Can I see Medicaid patients in private practice?
Since RDN’s can’t legally be Medicaid providers and direct bill, a RDN working solo, or only with other RDN’s out of their own office can’t be reimbursed under Medicaid.
It may be possible as a private practice RDN to contract with a clinic and see the clinic’s Medicaid patients at the clinic. The clinic would need to bill MNT under the supervising physician as described above and would receive the payment. A contractual arrangement would need to be made between the private RDN and the clinic to detail the relationship, including what portion of the Medicaid reimbursement would be paid to the RDN.
How much are RDN’s reimbursed?
For legal reasons, we can’t discuss specific reimbursement rates here. You’ll need to do your own homework to determine your acceptable rate ranges. Here are a few resources and suggestions:
There are many ways to figure out your rates, but generally consider the following: typical take home pay salary for an RDN like you (here’s a salary calculator to help); business expenses; federal, state and local taxes; and the actual work time you need to do what you do.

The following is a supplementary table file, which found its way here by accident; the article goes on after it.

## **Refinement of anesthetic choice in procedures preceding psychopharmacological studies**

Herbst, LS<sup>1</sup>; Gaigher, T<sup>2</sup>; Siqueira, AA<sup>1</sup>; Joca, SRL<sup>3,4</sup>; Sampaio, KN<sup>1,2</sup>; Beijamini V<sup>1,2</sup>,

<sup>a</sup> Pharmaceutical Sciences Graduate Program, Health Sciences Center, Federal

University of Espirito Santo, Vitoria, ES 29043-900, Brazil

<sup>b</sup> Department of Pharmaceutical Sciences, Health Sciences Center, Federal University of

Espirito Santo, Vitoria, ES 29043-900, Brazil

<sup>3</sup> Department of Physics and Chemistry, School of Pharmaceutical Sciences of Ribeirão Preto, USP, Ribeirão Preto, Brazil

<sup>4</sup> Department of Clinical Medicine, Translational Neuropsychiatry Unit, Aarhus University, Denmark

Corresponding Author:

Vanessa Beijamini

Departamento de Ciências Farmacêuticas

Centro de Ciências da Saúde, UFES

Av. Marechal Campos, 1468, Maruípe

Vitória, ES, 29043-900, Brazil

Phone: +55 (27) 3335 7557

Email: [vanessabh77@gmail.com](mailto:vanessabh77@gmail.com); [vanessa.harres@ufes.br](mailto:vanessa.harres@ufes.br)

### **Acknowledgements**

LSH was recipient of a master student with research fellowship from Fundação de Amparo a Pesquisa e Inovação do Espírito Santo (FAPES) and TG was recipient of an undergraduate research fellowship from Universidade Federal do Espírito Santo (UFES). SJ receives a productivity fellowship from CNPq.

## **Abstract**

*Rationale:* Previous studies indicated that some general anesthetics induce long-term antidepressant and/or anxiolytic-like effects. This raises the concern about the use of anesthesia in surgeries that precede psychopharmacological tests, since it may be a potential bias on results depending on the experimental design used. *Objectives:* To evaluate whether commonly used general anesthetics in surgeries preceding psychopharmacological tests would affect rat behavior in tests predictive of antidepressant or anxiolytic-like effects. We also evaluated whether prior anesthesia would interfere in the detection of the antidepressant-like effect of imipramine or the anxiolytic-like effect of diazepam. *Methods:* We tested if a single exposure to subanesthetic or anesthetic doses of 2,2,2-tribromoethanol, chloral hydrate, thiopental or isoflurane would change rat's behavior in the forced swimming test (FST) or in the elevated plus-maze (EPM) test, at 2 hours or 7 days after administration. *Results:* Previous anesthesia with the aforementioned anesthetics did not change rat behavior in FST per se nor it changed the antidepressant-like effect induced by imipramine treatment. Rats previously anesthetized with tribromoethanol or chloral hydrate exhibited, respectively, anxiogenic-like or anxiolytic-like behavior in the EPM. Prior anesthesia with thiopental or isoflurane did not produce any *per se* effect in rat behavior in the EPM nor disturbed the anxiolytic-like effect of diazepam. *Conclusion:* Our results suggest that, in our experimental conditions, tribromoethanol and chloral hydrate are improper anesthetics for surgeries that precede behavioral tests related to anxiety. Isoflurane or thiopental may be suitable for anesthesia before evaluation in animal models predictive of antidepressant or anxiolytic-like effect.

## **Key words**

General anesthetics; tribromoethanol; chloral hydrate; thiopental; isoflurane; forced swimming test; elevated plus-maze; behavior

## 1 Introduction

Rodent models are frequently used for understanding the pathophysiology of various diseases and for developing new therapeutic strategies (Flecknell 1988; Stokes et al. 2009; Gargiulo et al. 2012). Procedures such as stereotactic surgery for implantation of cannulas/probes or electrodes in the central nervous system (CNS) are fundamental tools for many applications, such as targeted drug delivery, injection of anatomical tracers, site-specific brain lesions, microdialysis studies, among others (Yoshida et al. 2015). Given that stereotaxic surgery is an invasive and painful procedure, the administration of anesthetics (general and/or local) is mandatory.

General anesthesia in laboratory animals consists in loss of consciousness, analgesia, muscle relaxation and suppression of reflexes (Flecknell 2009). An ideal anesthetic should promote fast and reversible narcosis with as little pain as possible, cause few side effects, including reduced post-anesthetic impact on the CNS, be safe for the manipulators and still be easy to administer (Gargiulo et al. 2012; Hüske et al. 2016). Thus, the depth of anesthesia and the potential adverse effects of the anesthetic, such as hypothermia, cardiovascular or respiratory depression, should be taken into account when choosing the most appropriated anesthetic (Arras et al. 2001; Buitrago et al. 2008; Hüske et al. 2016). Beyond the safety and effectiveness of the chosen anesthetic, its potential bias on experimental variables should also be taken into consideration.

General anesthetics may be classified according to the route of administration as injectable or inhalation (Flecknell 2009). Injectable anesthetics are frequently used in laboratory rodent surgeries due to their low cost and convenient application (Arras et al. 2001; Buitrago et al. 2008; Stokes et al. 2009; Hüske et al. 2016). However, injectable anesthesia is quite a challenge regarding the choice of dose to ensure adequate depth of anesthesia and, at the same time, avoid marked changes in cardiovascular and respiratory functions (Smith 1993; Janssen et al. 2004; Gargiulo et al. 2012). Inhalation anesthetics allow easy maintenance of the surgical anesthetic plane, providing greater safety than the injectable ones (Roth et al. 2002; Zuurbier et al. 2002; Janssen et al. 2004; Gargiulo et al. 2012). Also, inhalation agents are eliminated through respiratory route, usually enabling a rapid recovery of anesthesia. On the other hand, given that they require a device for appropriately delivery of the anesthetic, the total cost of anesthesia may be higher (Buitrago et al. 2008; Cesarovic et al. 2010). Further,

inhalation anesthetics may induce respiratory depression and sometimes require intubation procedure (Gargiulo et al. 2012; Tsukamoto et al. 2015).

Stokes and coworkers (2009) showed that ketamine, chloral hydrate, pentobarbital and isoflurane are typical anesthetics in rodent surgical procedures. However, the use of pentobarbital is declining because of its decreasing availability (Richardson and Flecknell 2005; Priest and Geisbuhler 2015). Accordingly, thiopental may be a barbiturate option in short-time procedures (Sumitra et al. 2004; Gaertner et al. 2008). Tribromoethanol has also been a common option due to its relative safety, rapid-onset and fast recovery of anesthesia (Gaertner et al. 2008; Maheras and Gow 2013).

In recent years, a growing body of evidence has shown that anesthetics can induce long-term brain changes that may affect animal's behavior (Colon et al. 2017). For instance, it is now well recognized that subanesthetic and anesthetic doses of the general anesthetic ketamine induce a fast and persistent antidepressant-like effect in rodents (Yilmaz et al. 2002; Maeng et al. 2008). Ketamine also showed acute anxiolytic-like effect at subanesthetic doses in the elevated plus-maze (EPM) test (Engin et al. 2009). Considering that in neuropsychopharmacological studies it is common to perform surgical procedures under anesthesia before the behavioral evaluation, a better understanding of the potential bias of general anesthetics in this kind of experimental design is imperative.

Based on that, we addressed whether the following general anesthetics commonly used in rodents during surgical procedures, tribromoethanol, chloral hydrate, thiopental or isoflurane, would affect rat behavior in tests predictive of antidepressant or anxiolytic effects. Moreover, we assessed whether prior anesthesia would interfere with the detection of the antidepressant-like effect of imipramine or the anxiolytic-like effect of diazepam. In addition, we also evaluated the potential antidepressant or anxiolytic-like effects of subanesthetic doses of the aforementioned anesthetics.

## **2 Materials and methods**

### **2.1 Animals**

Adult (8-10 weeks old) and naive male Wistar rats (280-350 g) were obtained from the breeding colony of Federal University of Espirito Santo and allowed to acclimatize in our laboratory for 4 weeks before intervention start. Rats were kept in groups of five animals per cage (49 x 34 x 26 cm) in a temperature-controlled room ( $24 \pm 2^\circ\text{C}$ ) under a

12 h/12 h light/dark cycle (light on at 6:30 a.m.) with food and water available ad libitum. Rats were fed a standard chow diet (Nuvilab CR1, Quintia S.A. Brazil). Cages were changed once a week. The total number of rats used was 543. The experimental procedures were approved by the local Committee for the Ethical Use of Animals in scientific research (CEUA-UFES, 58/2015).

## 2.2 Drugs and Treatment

There are two publicly available physician fee schedules to benchmark reimbursement pay for RDN’s. These rates are what physicians are paid for each procedure code under Medicare and Colorado Medicaid. RDN’s are reimbursed approximately 80% of a physician’s rates.
Medicare Physicians Fee Schedule (Select “Specific MAC” to get rates for Colorado. Enter the procedure code of interest from the HCPC box)
Health First Colorado Fee Schedule (click on “Health First Colorado Fee Schedule” to see the link to the most current fee schedule. Search the spreadsheet for the procedure code of interest.)
When you take into consideration your personal rate calculations and the rates from the public fee schedules, you can come up with a range of reimbursement rates that might be reasonable or expected, and with that, better negotiate your reimbursement.
What are Alternative Payment Models (APM’s) and as an RDN, should I care?
As health care costs continue to rise, different care and payment models are being developed to attempt to improve care and reduce costs. Some models focus on managing the health of defined populations, while others focus on care quality and value, financials, system utilization and more.
YES – RDN’s should definitely care and have a basic understanding of these models and how they work!
WHY? Because the landscape is already changing and MNT is an integral part of improving health outcomes, reducing readmission rates and utilization, and reducing cost of care. If you work as an RDN in a health care system or facility, and even in private practice, there will be opportunities to create a space for RDN’s to be included in improving quality and cost in health care. Don’t get left behind!
To learn more see these links:
Last Review Date: 10/2019